In the 2016 election, Hillary Clinton, Bernie Sanders, and Donald Trump all recognized that workers and communities have lost trust in the NAFTA approach to globalization. They all said we should manage globalization differently.
Over the last few months, Canada, Mexico and the U.S. have had seven meetings to renegotiate NAFTA. To understand the renegotiations, we should know what was wrong with the original NAFTA, and what we want in a new one.
I’m 100 percent in favor of trade. I don’t think I’ve ever met anyone opposed to trade. We take pride when we export software, airplanes, apples, and wheat. That’s never been the issue.
The central question is, “who gets the gains from globalization?” The purpose of an economy is to raise living standards. Trade, more than most public policies, creates winners and losers.
The winners under NAFTA have done very well — global companies and investors who can move production to low-wage countries. But when workers, communities, and the environment are squeezed into decline, we are probably going in the wrong direction.
Consider four quick stories:
First story. During the original NAFTA negotiations, a labor advocate told an industry lobbyist that she agreed that manufacturing companies had a legitimate interest in protecting their investments from seizure or expropriation by foreign governments. That’s consistent with our legal tradition and should be part of NAFTA.
She asked the industry lobbyist if his business clients acknowledged that civil society also had a legitimate interest in protections in NAFTA for labor rights, human rights, and other public interests?
“No. Not really,” he said. His role was to get the maximum possible leverage for his clients in the new global system. That meant global businesses could move work anywhere, take advantage of cheap labor, escape environmental and public health regulations, and otherwise get the best deal possible for their investors. His leverage would be even greater if NAFTA weakened bargaining power away for workers and communities.
Second story. A business executive from UPS took a very different perspective at a trade conference in Seattle. She said labor rights and human rights were core values at UPS. She and UPS ran their global operations to respect workers and communities. Good for her and UPS!
Third story. The Trans-Pacific Partnership (TPP) was our biggest trade agreement since NAFTA. It failed in Congress. At a conference in Boston, a lobbyist for a very large manufacturing association said TPP would have been great for the global companies in her organization. For them, TPP’s defeat was tragic.
After she spoke, I told her my first story – some time ago, an industry lobbyist said his goal was to maximize leverage, getting as much as possible for global investors, while keeping other stakeholders as weak as possible.
The industry lobbyist in Boston got very defensive, saying that was not at all the way her industry association saw things. I said, “Great!” Then her industry group should clearly state that they want our negotiators to get strong enforceable protections for labor and environment, which reflect our values and legal traditions as a nation, in all future trade agreements.
Her business allies would get low tariffs, access to foreign markets, and TPP could protect their property from expropriation. We would also support high global standards to fight child labor, forced labor, human trafficking, and slave labor – issues we thought we had settled 50 or 100 years ago. We could address climate change – arguably the defining problem of our time. TPP could sail through the Senate by a vote of 85-15.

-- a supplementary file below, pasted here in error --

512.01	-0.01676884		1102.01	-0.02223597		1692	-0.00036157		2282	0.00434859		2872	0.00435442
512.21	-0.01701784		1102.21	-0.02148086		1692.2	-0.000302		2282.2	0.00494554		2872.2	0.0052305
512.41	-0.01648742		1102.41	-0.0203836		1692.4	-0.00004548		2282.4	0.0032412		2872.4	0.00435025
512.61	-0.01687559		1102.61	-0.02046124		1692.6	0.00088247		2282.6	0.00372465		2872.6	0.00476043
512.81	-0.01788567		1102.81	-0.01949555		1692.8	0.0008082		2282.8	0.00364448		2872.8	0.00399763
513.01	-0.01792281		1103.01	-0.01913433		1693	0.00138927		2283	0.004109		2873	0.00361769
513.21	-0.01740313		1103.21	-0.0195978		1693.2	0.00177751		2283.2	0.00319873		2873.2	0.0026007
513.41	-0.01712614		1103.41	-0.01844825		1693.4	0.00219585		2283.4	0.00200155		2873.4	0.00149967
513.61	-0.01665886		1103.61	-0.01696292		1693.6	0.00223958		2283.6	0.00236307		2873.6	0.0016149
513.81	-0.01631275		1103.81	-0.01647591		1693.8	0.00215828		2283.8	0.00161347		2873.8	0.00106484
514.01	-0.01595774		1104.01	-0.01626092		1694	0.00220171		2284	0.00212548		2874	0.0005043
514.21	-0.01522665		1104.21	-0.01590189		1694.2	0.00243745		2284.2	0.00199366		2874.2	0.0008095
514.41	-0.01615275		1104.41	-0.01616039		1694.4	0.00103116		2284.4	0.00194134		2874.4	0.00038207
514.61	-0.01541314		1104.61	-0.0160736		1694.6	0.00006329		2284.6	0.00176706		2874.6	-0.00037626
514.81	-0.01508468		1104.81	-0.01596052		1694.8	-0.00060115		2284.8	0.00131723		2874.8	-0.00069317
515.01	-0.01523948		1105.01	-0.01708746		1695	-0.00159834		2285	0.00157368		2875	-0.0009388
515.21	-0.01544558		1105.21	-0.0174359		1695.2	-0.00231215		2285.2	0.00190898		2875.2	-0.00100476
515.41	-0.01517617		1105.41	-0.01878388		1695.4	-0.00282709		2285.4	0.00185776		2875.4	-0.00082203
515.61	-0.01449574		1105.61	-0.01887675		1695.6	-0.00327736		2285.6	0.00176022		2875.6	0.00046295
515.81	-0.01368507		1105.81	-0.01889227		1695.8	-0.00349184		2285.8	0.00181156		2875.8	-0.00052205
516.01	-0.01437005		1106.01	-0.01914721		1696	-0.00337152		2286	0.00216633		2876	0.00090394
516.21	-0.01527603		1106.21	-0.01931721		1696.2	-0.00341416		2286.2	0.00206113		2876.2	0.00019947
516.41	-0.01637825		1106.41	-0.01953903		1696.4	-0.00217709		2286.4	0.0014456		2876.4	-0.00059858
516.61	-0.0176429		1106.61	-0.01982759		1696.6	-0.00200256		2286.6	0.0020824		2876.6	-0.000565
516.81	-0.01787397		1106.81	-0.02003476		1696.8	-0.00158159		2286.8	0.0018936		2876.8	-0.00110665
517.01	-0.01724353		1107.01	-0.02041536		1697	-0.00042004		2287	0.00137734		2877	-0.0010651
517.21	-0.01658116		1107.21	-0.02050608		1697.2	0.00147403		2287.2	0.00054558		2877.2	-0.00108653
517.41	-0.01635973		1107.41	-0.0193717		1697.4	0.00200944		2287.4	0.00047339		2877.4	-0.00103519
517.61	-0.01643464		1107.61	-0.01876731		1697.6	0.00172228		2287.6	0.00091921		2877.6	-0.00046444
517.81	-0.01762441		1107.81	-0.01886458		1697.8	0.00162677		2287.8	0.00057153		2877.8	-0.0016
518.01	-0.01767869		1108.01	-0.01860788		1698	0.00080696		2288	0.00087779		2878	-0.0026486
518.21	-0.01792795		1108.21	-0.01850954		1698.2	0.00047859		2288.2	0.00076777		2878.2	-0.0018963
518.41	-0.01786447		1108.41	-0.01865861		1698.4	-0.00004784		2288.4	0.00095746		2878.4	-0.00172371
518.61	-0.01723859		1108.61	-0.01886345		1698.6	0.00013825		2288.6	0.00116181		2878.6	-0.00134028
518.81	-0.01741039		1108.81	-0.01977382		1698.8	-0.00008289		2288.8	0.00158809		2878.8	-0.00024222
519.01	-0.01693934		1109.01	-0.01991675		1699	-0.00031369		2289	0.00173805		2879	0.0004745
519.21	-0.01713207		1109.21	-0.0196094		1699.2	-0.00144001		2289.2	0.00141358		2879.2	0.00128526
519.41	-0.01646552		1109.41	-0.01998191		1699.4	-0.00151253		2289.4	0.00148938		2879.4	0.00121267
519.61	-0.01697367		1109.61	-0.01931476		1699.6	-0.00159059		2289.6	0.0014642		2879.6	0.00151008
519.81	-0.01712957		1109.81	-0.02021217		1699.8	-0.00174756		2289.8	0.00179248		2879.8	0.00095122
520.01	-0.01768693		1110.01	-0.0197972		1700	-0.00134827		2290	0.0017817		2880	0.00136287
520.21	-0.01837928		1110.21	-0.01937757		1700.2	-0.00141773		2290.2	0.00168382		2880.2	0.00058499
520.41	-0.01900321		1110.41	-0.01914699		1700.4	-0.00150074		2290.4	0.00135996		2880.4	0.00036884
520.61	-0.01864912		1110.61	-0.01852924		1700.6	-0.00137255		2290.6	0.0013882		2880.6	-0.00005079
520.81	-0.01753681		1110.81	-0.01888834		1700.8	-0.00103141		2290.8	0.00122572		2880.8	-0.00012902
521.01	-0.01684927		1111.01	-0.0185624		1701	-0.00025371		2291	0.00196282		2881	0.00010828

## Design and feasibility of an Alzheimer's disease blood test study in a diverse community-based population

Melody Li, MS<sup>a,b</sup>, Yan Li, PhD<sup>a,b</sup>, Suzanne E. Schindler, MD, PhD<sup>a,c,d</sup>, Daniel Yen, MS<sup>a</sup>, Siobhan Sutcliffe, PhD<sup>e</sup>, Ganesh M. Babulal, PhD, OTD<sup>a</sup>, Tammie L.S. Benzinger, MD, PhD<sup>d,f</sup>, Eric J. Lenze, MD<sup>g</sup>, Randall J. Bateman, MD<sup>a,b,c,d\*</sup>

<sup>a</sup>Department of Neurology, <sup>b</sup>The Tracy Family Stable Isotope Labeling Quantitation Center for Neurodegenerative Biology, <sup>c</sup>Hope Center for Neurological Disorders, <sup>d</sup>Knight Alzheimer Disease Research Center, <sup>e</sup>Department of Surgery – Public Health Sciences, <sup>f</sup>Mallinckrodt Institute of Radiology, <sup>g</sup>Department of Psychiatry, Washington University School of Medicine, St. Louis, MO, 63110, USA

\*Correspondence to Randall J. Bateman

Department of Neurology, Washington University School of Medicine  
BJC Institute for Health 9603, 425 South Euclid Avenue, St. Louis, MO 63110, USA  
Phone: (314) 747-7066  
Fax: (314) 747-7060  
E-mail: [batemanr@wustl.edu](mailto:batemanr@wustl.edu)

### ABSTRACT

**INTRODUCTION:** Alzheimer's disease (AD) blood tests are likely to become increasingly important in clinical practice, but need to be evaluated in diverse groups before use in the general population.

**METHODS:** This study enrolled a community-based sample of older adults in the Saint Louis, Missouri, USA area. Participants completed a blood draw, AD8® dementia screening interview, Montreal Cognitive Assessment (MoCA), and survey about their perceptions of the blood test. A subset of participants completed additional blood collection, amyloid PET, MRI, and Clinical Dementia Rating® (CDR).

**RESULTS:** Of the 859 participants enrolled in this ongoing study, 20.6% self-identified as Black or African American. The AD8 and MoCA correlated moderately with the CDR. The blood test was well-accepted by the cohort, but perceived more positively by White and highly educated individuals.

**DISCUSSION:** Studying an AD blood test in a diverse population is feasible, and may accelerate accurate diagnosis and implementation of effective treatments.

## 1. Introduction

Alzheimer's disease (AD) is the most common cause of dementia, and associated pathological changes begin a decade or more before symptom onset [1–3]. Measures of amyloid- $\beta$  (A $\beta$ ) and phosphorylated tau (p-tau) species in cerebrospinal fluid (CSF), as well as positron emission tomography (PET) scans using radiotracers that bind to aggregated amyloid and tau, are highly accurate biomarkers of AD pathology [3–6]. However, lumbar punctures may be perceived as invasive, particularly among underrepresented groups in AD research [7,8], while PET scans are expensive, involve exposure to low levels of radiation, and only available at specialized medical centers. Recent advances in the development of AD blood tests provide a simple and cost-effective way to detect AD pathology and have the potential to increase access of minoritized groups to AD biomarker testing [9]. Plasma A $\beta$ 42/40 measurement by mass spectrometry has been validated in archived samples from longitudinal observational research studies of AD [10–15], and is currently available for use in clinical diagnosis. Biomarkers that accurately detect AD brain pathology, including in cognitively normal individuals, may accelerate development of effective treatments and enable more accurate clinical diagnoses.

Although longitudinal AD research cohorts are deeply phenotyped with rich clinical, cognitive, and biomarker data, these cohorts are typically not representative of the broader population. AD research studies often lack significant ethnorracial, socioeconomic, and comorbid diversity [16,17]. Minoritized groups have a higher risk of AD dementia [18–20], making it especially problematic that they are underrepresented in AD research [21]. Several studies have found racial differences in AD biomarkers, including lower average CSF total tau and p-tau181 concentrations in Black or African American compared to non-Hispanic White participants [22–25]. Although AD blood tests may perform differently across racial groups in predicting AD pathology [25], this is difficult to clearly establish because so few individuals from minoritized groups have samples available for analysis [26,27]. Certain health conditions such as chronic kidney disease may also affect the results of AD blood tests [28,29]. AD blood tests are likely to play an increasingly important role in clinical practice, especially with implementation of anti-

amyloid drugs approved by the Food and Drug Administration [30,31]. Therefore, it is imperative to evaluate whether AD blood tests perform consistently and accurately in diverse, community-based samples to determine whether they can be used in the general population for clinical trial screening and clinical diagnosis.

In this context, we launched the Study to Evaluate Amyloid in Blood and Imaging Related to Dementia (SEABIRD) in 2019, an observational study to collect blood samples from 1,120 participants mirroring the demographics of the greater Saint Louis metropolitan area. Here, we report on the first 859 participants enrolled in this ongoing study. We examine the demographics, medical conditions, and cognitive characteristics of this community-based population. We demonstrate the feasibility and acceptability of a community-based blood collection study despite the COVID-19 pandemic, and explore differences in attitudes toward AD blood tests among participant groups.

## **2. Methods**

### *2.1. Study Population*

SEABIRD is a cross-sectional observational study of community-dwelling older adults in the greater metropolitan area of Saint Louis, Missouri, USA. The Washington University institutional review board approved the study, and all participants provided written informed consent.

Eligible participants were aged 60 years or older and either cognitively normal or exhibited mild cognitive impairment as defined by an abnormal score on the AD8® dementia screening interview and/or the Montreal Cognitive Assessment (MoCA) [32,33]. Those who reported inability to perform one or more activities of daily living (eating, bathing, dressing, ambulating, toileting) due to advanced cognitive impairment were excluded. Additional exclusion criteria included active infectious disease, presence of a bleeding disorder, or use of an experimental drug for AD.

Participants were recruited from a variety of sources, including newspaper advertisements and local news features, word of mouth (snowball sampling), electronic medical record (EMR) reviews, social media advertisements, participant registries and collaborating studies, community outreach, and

The lobbyist in Boston had been defensive before. Now, she was smokin’ mad at me. Maybe she thought I was patronizing her.
But my question really sits at the heart of the problems with our failed approach to globalization. Whose interests really matter to our negotiators? According to our own State Department rankings, five of the 12 TPP countries failed to meet global standards on human trafficking. A sixth TPP country was among the worst in the world on forced labor, child labor, and slave labor. Just sayin’.
Fourth story: Members of the Coalition for a Prosperous America (CPA) are manufacturers, family farm organizations, and labor – all committed to producing in the U.S. CPA is very creative on specific policy options designed to rebuild our industrial base, help family farmers, and share the gains from trade with all stakeholders. They are doing exactly what I suggested to the industry lobbyist in Boston. Everyone in CPA wants a prosperous America. To them, working together and sharing gains is eminently sensible.
It is unsustainable to turn our backs on workers, communities and the environment. A generation (or two) ago, business schools and CEOs talked about “stakeholder” interests. We all do better when all stakeholders do better. That outlook recognized legitimate common interests, helped build social cohesion, and made stronger communities.
We can have legitimate national interests and raise living standards everywhere, without being xenophobic or nationalistic. Canada, China, Japan, Scandinavia, Germany, Singapore, and South Korea recognize national interests. They also have more social cohesion than we do. We’ve had more social cohesion in our own history than we do now.
A good trade agreement should require any foreign company to meet minimum standards for labor, environment, human trafficking, food safety, and other basic norms that reflect our values as a country as a condition for getting access to our markets.
Our current failed investor-centric NAFTA approach is exhausted socially, politically, and economically. The UPS and CPA stories suggest it’s not that hard to set a more inclusive and sustainable path for globalization. We should accept no less.
This post originally appeared in The Stand.
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